For Generation M, faith and modernity go hand in handCulture & Entertainment
- 07 September 2017
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Photos courtesy of Shelina Janmohamed
In Shelina Janmohamed’s recent book, Generation M: Young Muslims Changing the World, she examines Mipsterz (Muslim hipsters) and “hijabilicious” modest-fashion bloggers, a group of Muslim youth that she collectively calls “Generation M”.
Shelina is Vice President of Ogilvy Noor. According to her, Generation M defines an influential segment of the world’s 1.6 billion Muslims, and the book is an attempt to decipher a powerful market segment that is still largely untapped.
Shelina told My Salaam that research done by Ogilvy Noor shows the key characteristic of Generation M is that faith and modernity go together for them, each improving the other. “Generation M tends to be in the 15–35 age group. Having said that, it is a mindset and attitude. So it can encompass a wider age group,” she explained. “[They] are tech-savvy, creative, entrepreneurial, optimistic. They believe in using their voices to change the world; they are willing to hold authorities to account and believe their faith-inspiration can make the world a better place.”
Book cover of Generation M: Young Muslims Changing the World / Photo courtesy of Shelina Janmohamed
In populations where the Muslims are a minority, such as the UK, US and Europe, young Muslims are affluent and influential, and they play a pioneering role in defining Generation M. She says that Muslim women are breaking traditional barriers in these places. “When they see high-street brands that do not cater to their needs, they create their own products and services,” Shelina noted. She cited the example of baby food, a product that non-Muslim women have been used to ever since they joined the work force and needed the convenience of readymade food. For Muslim women, halal baby food was created to offer them the same convenience that other women enjoyed.
Shelina says she found two factors that helped give rise to Generation M: the War on Terror, launched after 9/11, and the internet. Two-thirds of Generation M are under thirty, so they have spent their formative years under scrutiny. “The War on Terror cast a spotlight onto Muslims. […] It is [Generation M’s] lived experience to have a harsh focus on them and the stereotyping that goes with it. They have responded by asserting pride in their identity.”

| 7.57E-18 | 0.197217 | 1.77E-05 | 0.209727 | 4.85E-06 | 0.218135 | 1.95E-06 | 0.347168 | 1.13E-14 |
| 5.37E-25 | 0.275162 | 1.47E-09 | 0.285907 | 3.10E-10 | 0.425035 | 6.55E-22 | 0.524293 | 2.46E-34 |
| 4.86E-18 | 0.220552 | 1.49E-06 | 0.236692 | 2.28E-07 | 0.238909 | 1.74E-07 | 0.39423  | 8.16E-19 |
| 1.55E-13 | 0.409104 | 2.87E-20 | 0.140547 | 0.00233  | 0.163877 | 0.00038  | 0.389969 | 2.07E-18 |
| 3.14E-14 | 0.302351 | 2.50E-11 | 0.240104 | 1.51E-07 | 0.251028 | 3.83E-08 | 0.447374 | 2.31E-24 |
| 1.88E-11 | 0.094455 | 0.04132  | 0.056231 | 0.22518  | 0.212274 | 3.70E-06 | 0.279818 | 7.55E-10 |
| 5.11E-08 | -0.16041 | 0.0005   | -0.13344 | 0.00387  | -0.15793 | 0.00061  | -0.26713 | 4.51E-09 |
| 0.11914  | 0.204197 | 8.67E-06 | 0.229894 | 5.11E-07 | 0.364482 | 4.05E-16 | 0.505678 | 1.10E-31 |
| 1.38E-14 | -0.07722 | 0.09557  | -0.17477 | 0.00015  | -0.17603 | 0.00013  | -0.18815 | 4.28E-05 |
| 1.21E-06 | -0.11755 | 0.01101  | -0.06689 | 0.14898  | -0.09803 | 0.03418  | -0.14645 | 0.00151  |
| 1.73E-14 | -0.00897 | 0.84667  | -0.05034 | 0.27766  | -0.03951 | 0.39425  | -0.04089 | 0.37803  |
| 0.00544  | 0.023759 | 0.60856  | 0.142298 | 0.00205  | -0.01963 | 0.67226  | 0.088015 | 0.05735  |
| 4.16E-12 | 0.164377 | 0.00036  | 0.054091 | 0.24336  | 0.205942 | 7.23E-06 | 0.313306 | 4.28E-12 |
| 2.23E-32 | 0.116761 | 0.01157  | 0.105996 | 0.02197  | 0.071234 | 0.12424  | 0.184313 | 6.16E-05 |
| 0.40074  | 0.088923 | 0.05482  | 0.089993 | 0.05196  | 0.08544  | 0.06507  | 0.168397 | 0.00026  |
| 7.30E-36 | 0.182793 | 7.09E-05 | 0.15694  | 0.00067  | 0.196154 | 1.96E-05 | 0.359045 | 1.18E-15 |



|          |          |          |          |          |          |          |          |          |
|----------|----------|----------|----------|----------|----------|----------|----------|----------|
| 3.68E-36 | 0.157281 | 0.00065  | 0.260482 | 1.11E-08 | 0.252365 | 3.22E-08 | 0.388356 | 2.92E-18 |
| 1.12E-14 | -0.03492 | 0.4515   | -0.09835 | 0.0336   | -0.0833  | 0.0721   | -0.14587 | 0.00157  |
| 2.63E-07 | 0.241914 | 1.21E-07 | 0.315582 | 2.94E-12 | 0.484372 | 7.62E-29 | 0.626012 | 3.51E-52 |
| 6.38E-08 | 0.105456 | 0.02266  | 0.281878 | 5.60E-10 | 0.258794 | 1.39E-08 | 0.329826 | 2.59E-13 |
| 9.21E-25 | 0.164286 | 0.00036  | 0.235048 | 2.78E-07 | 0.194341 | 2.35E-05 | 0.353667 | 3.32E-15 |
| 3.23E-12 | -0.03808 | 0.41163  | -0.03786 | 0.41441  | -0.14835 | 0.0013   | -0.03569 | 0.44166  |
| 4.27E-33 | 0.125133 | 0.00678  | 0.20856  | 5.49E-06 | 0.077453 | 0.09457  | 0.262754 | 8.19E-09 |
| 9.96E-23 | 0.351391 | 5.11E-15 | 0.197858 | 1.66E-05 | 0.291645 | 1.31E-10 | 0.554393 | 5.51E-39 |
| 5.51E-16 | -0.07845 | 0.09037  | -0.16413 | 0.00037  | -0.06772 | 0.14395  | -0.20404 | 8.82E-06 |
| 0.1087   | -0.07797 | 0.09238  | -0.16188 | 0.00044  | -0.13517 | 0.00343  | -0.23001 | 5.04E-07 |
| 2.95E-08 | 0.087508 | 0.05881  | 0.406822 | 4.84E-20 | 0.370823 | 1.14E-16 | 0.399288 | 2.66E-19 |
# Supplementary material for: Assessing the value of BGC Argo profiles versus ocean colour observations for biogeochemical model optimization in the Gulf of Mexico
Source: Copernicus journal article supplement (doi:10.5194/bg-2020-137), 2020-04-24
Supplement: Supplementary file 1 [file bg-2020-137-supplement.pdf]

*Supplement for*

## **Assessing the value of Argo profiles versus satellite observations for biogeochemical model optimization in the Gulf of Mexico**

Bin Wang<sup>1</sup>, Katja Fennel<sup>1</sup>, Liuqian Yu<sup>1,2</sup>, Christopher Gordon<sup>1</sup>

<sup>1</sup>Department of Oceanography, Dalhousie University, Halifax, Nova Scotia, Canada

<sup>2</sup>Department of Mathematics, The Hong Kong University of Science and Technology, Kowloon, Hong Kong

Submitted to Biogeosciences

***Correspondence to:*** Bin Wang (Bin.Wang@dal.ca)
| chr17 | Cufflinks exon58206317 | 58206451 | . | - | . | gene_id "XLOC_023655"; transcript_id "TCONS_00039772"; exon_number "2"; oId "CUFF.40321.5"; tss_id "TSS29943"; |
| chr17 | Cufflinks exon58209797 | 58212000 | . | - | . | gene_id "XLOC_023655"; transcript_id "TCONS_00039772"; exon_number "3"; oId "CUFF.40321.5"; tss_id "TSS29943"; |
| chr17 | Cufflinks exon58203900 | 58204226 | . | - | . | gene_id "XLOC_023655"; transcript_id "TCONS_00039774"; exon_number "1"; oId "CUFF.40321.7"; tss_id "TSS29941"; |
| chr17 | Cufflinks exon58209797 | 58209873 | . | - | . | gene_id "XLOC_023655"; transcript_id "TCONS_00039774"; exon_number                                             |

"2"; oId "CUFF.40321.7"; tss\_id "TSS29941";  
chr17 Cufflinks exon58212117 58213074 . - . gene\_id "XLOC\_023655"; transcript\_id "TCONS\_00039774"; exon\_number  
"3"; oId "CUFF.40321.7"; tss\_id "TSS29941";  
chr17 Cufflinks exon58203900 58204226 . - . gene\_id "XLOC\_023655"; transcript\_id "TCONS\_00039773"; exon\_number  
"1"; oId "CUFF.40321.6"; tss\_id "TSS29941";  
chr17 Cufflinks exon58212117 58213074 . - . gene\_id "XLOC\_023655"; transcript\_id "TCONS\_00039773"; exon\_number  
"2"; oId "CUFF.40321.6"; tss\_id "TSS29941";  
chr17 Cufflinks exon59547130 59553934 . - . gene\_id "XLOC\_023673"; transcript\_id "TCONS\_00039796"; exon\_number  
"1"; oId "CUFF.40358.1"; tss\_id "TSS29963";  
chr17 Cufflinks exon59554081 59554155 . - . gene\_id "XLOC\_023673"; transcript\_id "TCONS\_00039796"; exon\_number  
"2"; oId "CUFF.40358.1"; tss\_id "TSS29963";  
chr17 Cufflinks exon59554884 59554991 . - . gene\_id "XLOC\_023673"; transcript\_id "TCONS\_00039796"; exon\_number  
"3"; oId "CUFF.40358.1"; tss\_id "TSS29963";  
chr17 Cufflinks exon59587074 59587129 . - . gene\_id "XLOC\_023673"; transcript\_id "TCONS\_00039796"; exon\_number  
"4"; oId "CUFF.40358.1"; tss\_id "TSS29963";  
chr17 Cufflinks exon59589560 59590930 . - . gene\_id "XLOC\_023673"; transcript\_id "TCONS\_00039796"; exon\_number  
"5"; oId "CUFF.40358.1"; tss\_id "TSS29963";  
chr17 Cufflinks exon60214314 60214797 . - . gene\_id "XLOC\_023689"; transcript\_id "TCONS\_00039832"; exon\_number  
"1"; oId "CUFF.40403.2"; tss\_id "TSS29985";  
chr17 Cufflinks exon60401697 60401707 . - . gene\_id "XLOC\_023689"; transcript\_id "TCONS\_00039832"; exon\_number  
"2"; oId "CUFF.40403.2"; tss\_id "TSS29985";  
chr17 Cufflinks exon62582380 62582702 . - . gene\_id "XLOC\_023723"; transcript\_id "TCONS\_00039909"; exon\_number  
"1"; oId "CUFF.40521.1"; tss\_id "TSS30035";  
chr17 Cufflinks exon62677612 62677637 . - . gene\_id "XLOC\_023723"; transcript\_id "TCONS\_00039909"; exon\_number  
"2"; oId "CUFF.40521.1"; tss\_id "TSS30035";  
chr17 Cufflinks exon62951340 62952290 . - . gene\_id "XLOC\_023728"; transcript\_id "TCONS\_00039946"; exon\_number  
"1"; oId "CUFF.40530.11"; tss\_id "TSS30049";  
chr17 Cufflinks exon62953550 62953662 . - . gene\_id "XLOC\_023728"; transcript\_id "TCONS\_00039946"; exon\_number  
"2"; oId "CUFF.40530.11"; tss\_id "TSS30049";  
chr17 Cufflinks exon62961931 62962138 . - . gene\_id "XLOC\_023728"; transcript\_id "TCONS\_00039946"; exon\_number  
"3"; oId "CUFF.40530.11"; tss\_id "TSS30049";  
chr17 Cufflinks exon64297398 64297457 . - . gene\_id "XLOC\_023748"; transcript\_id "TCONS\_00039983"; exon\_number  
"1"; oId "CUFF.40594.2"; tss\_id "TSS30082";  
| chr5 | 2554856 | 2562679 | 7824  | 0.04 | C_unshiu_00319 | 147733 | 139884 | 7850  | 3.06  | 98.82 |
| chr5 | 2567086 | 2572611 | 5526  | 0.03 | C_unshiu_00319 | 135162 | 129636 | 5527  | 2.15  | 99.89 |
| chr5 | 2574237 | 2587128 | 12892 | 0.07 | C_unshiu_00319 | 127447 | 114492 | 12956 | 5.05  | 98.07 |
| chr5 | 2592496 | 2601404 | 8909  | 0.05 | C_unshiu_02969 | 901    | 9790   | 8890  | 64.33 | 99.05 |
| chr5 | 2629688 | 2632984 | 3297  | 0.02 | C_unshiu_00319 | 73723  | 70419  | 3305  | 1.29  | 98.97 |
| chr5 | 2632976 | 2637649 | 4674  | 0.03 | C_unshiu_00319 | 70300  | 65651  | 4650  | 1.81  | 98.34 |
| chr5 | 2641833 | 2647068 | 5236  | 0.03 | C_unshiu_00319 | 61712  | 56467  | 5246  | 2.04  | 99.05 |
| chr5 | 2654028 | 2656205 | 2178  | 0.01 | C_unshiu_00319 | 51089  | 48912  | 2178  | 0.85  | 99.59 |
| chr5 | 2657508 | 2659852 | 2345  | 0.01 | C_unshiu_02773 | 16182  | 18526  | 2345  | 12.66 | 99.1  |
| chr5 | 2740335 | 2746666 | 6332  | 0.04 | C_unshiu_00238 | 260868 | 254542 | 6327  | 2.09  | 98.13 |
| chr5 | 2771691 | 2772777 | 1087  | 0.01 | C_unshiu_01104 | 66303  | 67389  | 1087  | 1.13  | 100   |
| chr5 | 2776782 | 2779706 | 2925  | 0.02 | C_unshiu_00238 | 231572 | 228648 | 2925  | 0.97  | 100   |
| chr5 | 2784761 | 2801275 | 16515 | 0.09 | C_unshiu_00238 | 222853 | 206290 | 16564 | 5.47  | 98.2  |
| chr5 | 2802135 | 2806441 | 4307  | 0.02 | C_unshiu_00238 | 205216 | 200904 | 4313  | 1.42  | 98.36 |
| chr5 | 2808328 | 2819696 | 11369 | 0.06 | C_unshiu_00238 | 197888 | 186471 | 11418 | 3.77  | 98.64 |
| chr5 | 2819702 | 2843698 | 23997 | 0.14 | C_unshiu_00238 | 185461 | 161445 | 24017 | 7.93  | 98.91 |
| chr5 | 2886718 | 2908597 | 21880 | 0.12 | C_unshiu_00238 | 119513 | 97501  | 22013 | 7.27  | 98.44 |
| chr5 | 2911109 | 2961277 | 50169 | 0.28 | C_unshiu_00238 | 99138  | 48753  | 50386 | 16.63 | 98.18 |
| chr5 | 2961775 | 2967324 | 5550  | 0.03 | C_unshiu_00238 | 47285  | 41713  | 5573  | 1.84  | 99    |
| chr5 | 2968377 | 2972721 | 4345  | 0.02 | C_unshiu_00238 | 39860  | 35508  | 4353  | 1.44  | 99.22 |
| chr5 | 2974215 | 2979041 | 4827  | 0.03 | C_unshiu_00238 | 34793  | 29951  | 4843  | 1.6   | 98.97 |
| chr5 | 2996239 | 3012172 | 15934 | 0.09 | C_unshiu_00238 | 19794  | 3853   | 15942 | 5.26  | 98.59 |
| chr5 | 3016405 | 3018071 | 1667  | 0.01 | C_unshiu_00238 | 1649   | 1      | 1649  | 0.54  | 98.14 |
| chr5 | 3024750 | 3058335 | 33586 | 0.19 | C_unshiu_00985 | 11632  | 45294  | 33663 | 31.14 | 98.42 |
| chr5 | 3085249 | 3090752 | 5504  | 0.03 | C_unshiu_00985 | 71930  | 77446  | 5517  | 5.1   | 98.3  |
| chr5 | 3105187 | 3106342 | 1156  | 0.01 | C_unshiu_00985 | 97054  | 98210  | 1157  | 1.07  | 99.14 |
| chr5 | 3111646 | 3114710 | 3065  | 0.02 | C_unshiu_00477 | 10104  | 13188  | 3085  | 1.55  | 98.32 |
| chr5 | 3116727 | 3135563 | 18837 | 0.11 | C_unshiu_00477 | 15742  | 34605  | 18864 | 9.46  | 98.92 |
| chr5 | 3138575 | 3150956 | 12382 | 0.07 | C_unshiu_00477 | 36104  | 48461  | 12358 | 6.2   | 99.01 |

A 2010 study by Ogilvy Noor titled “Brands, Islam, and the New Muslim Consumer” introduced the idea of a faith-identity consumer. In the study, 90 percent of the Muslims surveyed said faith affects their consumption. The simple idea is that Muslims buy things. Shelina noted that the small businesses run by young entrepreneurs have grasped this idea, but it is being absorbed at a slower pace by the larger businesses.
According to her, it is only within the last two years that the global mainstream has started to recognise the potential of the Muslim market. The turning point was when Dolce & Gabbana introduced a collection for Muslims women in 2016, and H&M started addressing the Muslim consumer with their ad campaign featuring a Muslim model wearing a hijab.
As for the serious image of Muslims in the media, it is far from reality, said Shelina. “Young Muslims are witty, self-deprecating. They are self-aware about how they are seen and how they wish to be seen. They co-opt ideas from the mainstream and adapt it to their own situations.”
Shelina Janmohamed, writer, author and Vice President of Ogilvy Noor / Photo courtesy of Shelina Janmohamed
Some of Shelina’s favourites from the Generation M vocabulary:
Halalify: to make something more suitable or permissible
Haloodies: halal foodies (coined by the eponymous brand)
What the fatwah: a polite way of expressing shock
Hijabilicious: coined by two Muslim fashion bloggers.
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